|Amazon Price||New from||Used from|
Starred Review. Many will greet this taut, clear-eyed memoir of grief as a long-awaited return to the terrain of Didion's venerated, increasingly rare personal essays. The author of Slouching Towards Bethlehem and 11 other works chronicles the year following the death of her husband, fellow writer John Gregory Dunne, from a massive heart attack on December 30, 2003, while the couple's only daughter, Quintana, lay unconscious in a nearby hospital suffering from pneumonia and septic shock. Dunne and Didion had lived and worked side by side for nearly 40 years, and Dunne's death propelled Didion into a state she calls "magical thinking." "We might expect that we will be prostrate, inconsolable, crazy with loss," she writes. "We do not expect to be literally crazy, cool customers who believe that their husband is about to return and need his shoes." Didion's mourning follows a traditional arc—she describes just how precisely it cleaves to the medical descriptions of grief—but her elegant rendition of its stages leads to hard-won insight, particularly into the aftereffects of marriage. "Marriage is not only time: it is also, paradoxically, the denial of time. For forty years I saw myself through John's eyes. I did not age." In a sense, all of Didion's fiction, with its themes of loss and bereavement, served as preparation for the writing of this memoir, and there is occasionally a curious hint of repetition, despite the immediacy and intimacy of the subject matter. Still, this is an indispensable addition to Didion's body of work and a lyrical, disciplined entry in the annals of mourning literature.
Copyright © Reed Business Information, a division of Reed Elsevier Inc. All rights reserved. --This text refers to the Hardcover edition.
Didion's husband, the writer John Gregory Dunne, died of a heart attack, just after they had returned from the hospital where their only child, Quintana, was lying in a coma. This book is a memoir of Dunne's death, Quintana's illness, and Didion's efforts to make sense of a time when nothing made sense. "She's a pretty cool customer," one hospital worker says of her, and, certainly, coolness was always part of the addictive appeal of Didion's writing. The other part was the dark side of cool, the hyper-nervous awareness of the tendency of things to go bad. In 2004, Didion had her own disasters to deal with, and she did not, she feels, deal with them coolly, or even sanely. This book is about getting a grip and getting on; it's also a tribute to an extraordinary marriage.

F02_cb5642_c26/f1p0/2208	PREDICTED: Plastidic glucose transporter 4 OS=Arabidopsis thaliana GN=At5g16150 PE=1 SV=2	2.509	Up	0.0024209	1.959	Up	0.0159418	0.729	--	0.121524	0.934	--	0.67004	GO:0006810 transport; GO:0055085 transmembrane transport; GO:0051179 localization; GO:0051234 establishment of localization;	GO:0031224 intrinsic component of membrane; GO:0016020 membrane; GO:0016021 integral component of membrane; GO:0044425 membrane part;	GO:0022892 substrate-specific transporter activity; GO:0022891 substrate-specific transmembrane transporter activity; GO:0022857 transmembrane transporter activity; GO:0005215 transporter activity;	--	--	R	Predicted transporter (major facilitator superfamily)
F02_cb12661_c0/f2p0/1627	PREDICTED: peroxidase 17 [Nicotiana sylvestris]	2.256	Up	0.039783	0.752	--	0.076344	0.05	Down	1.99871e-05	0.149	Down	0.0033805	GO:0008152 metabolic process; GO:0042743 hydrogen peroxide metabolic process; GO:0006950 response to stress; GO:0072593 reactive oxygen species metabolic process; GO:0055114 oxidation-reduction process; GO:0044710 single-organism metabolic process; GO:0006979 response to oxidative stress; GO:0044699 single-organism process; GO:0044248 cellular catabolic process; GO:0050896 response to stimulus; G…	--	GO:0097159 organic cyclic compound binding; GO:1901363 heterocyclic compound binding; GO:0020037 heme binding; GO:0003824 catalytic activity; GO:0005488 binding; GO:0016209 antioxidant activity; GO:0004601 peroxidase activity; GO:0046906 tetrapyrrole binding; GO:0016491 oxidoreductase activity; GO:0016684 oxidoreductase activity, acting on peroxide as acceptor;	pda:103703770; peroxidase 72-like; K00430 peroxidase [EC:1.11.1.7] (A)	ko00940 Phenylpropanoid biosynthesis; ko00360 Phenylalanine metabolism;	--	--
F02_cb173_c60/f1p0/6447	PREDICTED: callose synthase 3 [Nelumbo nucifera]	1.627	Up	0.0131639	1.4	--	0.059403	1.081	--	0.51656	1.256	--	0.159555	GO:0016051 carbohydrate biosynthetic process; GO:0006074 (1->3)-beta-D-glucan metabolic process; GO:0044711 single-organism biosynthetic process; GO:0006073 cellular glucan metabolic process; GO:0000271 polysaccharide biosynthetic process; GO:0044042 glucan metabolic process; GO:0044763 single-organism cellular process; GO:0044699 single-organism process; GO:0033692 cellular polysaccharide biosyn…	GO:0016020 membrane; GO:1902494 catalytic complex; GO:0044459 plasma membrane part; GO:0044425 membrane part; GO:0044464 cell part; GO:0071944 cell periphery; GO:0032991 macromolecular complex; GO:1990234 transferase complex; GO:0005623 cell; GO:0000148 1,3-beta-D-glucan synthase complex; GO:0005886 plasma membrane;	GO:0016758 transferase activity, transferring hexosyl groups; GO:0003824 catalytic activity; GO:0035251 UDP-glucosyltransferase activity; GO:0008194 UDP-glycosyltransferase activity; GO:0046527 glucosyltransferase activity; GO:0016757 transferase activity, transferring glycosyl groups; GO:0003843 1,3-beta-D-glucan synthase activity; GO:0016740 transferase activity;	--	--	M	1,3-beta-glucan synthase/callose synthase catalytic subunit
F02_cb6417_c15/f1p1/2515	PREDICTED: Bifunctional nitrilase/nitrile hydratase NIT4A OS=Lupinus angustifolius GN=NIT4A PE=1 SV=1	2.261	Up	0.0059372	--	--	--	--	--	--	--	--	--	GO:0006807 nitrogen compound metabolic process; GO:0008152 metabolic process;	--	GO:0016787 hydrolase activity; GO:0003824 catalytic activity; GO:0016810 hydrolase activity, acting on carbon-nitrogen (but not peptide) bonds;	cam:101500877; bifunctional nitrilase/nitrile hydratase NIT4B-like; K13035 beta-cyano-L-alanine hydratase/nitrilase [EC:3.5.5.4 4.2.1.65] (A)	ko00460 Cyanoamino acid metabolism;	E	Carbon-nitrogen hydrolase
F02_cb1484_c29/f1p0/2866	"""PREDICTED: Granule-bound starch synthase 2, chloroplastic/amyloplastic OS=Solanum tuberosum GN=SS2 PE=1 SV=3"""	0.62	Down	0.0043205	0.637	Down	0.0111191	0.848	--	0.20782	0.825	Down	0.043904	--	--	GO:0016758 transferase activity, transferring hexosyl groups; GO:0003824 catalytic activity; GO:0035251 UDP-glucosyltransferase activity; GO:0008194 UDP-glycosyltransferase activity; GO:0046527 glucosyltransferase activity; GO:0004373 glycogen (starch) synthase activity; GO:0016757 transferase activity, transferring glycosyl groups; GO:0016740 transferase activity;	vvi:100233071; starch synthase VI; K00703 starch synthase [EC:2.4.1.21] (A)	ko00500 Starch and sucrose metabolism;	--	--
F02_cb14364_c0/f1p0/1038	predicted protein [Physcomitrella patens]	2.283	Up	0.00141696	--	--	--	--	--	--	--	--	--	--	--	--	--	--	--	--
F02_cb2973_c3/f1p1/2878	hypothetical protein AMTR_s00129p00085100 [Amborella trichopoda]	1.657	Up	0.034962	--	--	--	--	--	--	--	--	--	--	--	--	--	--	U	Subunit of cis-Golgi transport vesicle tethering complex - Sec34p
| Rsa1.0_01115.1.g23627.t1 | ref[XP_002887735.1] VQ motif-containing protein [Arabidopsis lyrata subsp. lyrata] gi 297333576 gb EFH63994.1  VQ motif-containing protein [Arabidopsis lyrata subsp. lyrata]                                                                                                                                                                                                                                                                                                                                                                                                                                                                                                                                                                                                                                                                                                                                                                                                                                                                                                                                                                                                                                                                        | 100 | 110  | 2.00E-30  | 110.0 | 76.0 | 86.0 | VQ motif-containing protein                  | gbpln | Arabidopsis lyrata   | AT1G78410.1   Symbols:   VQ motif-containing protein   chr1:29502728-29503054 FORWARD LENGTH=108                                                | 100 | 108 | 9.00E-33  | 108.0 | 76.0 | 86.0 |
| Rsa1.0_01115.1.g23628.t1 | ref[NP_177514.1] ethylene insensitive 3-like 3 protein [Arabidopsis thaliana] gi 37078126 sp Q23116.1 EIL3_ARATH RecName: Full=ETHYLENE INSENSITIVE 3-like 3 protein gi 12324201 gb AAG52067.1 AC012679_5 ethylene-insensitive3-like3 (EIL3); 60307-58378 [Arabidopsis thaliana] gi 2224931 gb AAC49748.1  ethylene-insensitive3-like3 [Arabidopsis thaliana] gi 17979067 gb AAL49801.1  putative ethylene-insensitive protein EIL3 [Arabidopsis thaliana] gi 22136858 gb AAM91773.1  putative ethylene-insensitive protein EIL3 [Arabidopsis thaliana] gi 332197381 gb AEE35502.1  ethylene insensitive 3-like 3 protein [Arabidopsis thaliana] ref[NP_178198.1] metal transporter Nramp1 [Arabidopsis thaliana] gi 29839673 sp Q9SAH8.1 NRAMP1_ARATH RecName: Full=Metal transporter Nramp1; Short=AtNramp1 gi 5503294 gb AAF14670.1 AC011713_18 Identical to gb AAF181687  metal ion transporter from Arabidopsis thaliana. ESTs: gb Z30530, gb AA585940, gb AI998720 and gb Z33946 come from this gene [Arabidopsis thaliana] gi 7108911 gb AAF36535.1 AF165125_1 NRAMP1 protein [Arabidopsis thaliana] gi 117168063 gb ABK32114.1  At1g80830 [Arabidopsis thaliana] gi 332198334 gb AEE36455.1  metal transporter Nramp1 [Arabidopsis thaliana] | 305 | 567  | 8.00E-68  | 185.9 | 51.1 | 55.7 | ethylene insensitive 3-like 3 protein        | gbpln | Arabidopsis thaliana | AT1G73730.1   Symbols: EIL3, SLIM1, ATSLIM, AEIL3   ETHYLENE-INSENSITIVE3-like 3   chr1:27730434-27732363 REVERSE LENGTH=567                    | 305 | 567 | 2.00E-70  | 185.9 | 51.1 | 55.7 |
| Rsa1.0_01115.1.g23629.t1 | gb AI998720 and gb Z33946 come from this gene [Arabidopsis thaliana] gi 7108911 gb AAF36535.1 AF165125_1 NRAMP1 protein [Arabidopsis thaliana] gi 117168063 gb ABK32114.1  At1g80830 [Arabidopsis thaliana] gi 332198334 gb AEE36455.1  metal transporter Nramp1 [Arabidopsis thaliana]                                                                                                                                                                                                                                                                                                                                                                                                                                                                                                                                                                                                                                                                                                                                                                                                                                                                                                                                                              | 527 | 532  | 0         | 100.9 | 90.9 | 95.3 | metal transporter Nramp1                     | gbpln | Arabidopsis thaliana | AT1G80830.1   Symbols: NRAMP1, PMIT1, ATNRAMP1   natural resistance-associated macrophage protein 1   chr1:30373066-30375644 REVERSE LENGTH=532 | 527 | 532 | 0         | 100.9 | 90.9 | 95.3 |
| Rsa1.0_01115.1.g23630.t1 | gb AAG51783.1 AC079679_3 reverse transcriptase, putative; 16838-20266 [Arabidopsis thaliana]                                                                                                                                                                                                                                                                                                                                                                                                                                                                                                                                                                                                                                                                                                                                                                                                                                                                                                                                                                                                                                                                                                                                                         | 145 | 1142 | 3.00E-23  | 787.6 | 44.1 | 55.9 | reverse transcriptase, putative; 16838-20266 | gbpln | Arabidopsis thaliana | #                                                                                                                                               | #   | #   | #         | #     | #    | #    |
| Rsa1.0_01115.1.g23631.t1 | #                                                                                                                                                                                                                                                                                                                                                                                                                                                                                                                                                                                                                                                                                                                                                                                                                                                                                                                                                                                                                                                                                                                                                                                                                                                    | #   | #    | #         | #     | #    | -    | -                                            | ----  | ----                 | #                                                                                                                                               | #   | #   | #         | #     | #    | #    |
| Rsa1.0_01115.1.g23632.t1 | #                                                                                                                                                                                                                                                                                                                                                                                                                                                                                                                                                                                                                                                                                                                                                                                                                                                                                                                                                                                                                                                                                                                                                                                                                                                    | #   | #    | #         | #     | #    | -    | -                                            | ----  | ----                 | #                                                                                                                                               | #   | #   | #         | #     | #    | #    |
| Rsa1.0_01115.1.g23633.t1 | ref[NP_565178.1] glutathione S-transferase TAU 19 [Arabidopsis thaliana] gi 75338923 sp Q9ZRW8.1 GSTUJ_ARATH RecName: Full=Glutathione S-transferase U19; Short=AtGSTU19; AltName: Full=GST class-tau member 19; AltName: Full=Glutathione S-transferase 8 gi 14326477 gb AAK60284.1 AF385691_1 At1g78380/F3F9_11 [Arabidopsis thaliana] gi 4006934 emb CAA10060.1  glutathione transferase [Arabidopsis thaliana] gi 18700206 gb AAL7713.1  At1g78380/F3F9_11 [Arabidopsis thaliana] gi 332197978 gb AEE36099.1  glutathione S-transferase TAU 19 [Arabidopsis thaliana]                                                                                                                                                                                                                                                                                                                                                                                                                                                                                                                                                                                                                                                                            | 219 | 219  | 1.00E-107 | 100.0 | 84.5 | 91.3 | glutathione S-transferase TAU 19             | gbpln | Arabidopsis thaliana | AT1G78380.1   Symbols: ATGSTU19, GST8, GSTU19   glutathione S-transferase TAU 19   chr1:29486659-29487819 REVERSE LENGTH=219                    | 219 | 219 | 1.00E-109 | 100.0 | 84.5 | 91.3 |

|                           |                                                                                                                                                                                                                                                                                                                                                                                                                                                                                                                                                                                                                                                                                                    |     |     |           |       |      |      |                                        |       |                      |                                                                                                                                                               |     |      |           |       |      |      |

Copyright © 2005 The New Yorker --This text refers to the Hardcover edition.
This book took a little getting used to however I ultimately enjoyed her analysis.Published 4 days ago by Lauren
Loved Didion's writing style in this book -- it made her thoughts and feelings very visceral. Its hard to imagine this tragedy but with this book we can get into the mind of... Read morePublished 6 days ago by Christine Anderson
A book that has "magical thinking" in the title suggests to me that there will be profound ideas in the pages. I found none. Read morePublished 8 days ago by foolish
One of the best descriptions of grief and mourning. Gives the reader surprising insights into the workings of the mind. Read morePublished 12 days ago by Old Man Walking
An easy to read and poignant story of loss and the process of acceptance. Thank you Joan for putting into words what it feels like to be
in that quasi present state of life... Read more
Totally consumes you and just makes you feel... Great read full of emotions. Beautifully written that makes you not want to put it down till finish.Published 17 days ago by VictoriaB
This book was very poignant and courageous. I have prioritized it in my death-and-dying library. At times I felt the author dropped too many names, but then she has lots of names... Read morePublished 17 days ago by Lois Hjelmstad
Deaths in the eyes of thee bewildered. Each account brings transparency through a mudgy situation. This account provides an open mind and heart.Published 18 days ago by Veda McLean
This woman's struggle is made so real to me. I feel like my husband died.Published 23 days ago by Dale L. Burns